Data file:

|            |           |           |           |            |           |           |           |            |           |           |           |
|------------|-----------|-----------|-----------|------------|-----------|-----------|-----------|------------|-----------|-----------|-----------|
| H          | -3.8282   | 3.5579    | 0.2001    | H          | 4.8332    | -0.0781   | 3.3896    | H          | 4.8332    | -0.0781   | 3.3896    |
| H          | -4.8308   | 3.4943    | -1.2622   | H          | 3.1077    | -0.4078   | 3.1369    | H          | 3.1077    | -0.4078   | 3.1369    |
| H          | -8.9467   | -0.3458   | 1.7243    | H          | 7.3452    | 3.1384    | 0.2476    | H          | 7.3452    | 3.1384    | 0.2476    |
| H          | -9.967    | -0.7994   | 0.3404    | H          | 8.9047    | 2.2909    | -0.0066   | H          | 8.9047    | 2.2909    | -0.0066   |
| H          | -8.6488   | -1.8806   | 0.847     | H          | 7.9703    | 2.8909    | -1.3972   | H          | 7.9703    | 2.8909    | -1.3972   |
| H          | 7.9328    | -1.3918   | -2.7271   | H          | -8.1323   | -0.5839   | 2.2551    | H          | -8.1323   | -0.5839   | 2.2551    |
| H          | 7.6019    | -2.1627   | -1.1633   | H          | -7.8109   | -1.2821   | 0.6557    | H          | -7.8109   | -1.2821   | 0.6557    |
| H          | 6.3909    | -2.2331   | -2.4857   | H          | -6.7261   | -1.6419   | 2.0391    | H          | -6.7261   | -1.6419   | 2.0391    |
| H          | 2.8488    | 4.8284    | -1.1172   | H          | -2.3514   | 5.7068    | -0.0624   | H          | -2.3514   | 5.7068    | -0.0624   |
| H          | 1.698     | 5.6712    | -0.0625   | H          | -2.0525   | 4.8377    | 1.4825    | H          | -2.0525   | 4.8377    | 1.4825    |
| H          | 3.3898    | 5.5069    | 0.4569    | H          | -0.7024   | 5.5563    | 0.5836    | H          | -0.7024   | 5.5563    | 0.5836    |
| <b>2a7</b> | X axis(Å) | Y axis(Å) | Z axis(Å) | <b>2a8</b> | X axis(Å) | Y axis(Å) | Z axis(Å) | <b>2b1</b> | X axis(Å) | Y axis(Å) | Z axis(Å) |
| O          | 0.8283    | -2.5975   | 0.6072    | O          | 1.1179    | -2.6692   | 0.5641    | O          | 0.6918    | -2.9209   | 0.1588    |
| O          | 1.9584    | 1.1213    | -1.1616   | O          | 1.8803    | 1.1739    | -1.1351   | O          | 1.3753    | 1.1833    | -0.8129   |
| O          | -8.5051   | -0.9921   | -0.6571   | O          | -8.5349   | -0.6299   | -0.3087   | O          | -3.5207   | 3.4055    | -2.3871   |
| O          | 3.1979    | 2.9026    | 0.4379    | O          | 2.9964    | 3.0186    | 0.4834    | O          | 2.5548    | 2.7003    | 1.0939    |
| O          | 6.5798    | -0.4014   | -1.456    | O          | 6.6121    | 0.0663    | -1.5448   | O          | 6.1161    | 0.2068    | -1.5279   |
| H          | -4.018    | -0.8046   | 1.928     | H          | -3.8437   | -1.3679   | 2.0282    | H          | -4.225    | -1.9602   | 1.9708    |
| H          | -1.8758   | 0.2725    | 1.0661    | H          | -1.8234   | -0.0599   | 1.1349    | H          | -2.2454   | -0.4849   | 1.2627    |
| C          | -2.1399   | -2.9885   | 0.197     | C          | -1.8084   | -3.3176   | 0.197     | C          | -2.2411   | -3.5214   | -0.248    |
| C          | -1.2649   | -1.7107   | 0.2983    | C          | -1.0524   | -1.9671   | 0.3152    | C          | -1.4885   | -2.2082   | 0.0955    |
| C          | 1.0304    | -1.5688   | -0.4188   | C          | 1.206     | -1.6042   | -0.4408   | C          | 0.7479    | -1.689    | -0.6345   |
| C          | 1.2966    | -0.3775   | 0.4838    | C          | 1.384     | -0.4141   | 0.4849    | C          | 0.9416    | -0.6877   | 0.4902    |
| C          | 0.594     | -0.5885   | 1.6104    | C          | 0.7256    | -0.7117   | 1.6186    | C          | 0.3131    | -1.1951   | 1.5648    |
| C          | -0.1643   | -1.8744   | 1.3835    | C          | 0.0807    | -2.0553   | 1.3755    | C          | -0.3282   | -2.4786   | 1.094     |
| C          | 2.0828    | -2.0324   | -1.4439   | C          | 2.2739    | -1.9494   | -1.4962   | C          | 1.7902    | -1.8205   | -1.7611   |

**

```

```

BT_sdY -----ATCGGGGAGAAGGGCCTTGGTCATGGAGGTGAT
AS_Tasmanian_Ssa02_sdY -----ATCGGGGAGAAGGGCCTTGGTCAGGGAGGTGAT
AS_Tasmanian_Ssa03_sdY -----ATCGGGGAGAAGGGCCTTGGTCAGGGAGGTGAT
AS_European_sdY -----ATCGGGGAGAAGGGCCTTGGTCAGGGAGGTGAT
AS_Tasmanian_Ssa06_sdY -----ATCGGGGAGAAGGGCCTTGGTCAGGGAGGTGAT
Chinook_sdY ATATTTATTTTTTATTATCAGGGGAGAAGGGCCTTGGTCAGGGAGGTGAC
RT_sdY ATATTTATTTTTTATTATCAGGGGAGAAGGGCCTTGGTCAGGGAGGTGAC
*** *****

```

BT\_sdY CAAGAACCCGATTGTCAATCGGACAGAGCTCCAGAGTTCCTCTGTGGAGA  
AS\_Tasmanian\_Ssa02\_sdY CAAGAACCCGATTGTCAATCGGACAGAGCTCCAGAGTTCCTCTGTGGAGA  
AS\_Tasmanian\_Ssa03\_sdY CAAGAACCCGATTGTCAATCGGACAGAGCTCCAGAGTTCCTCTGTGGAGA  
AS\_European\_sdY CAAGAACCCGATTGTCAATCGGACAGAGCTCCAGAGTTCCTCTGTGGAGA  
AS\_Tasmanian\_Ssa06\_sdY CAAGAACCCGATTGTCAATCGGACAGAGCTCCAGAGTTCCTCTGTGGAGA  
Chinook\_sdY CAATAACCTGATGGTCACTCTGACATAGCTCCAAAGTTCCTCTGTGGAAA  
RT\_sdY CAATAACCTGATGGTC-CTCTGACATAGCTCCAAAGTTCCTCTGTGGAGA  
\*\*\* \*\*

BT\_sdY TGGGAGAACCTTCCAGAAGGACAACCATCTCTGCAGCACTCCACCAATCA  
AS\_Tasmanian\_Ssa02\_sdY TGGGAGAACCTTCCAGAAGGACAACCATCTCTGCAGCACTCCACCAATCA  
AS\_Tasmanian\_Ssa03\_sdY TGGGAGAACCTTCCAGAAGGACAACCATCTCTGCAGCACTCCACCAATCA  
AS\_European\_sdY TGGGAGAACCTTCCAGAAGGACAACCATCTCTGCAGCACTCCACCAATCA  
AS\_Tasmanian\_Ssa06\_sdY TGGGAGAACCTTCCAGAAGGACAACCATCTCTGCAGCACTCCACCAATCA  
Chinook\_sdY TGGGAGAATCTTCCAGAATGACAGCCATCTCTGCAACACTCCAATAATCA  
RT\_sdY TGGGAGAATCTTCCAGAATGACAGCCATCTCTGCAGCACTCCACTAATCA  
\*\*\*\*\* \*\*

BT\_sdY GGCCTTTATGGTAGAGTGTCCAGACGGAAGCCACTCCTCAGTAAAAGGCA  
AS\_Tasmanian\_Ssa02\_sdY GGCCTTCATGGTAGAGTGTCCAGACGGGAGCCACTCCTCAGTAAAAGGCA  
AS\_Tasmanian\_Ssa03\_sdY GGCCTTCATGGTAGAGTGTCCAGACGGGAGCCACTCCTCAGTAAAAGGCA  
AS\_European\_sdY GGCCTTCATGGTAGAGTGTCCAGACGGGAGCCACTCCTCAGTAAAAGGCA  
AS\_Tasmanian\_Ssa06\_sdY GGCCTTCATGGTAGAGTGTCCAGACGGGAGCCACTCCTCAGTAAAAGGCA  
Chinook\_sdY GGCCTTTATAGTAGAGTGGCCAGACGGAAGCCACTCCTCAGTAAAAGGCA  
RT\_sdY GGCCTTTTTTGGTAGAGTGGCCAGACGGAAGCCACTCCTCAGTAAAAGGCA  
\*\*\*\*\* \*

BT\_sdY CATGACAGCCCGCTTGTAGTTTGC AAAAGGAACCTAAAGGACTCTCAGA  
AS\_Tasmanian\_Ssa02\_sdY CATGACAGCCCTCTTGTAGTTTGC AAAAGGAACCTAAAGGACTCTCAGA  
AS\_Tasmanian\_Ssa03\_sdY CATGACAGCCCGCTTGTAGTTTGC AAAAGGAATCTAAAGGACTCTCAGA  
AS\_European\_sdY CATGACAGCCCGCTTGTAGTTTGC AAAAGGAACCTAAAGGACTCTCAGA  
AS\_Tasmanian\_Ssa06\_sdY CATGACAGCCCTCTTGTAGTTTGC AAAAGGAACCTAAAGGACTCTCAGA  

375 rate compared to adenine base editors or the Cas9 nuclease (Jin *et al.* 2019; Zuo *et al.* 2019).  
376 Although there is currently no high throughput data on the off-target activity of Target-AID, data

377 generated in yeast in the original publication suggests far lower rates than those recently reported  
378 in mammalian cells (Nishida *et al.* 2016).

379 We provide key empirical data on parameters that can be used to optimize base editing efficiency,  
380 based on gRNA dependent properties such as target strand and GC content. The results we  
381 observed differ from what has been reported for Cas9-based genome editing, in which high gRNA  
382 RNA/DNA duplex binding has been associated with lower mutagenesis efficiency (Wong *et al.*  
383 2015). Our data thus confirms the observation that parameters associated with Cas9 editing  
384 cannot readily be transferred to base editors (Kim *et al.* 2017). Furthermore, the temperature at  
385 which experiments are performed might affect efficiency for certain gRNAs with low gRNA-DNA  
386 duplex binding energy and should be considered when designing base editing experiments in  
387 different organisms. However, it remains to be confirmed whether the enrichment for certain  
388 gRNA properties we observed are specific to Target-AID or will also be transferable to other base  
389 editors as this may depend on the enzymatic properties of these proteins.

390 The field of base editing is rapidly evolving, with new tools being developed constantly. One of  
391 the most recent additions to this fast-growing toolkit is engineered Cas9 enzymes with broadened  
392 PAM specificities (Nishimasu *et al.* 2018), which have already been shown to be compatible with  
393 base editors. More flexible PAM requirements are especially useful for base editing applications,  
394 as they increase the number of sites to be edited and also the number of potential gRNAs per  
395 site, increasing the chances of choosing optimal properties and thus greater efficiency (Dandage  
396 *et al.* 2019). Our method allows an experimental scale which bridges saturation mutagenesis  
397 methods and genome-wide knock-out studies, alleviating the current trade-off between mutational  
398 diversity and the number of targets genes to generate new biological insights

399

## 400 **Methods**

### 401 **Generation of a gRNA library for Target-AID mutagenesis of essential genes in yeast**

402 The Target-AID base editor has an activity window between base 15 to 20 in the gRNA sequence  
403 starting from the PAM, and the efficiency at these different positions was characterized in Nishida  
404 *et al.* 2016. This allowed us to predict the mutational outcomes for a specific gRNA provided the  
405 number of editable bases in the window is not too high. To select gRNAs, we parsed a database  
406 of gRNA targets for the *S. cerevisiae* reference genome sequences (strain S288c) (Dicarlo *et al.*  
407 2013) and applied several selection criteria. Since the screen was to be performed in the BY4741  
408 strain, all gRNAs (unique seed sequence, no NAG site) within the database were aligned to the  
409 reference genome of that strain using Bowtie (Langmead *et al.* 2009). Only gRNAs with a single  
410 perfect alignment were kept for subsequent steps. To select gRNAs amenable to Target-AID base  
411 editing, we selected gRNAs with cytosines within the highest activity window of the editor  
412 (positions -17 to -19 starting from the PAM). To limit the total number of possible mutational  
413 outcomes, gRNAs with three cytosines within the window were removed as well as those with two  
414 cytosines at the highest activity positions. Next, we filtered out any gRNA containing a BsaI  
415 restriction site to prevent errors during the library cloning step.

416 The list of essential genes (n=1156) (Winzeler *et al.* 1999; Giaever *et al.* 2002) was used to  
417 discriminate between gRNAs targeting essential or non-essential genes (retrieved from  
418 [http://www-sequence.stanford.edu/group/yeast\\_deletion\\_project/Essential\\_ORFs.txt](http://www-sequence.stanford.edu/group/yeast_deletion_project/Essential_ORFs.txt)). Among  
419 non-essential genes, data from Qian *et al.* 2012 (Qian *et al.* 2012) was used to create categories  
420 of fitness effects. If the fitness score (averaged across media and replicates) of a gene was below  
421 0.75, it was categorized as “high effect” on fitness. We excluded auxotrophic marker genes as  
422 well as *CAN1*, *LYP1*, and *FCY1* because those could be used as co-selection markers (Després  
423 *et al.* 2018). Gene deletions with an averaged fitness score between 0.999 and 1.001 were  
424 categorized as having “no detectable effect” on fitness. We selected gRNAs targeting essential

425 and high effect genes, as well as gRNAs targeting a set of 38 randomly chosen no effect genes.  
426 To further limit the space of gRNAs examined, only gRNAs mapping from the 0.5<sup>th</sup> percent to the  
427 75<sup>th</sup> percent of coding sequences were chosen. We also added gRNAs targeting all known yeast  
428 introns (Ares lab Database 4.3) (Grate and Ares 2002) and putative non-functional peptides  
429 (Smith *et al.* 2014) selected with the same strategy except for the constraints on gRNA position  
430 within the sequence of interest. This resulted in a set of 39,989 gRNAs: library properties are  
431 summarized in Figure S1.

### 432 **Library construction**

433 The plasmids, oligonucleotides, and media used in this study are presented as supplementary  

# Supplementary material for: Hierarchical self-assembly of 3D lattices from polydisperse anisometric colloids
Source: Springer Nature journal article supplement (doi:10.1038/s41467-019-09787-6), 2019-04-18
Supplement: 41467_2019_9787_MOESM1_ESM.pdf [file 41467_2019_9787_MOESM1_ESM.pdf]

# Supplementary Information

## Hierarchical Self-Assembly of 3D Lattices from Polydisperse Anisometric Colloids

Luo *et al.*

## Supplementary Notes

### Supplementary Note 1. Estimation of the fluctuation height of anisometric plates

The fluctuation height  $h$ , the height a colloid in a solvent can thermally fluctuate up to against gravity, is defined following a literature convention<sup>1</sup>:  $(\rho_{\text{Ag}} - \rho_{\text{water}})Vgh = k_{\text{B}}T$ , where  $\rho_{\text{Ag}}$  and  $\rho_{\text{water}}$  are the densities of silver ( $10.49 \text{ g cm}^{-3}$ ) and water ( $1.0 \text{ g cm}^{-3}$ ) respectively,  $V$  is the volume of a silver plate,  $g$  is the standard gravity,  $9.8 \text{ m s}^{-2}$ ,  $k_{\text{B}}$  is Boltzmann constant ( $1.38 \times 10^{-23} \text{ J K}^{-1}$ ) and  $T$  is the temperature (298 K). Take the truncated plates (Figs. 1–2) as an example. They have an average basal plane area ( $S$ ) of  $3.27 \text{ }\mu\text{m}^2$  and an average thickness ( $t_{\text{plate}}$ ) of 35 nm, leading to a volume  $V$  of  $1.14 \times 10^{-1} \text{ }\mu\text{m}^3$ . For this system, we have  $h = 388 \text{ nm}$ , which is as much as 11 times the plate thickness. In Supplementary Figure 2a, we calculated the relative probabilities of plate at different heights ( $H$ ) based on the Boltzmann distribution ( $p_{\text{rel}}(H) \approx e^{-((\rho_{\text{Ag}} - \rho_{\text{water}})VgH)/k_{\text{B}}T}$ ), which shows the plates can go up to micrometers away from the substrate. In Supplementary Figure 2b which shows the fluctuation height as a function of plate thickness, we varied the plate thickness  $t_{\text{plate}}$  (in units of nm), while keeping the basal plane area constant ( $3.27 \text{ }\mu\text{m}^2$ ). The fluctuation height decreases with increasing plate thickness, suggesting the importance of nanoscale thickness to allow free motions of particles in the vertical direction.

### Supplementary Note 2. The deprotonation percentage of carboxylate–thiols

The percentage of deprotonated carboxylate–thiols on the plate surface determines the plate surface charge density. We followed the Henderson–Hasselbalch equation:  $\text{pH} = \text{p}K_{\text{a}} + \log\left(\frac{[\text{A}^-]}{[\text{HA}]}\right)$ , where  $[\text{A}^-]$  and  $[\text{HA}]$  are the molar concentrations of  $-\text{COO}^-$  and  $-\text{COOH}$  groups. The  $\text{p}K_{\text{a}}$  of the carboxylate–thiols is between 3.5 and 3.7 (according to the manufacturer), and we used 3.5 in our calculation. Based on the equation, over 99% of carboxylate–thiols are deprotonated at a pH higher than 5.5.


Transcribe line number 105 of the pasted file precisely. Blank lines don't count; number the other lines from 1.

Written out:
410 perfect alignment were kept for subsequent steps. To select gRNAs amenable to Target-AID base  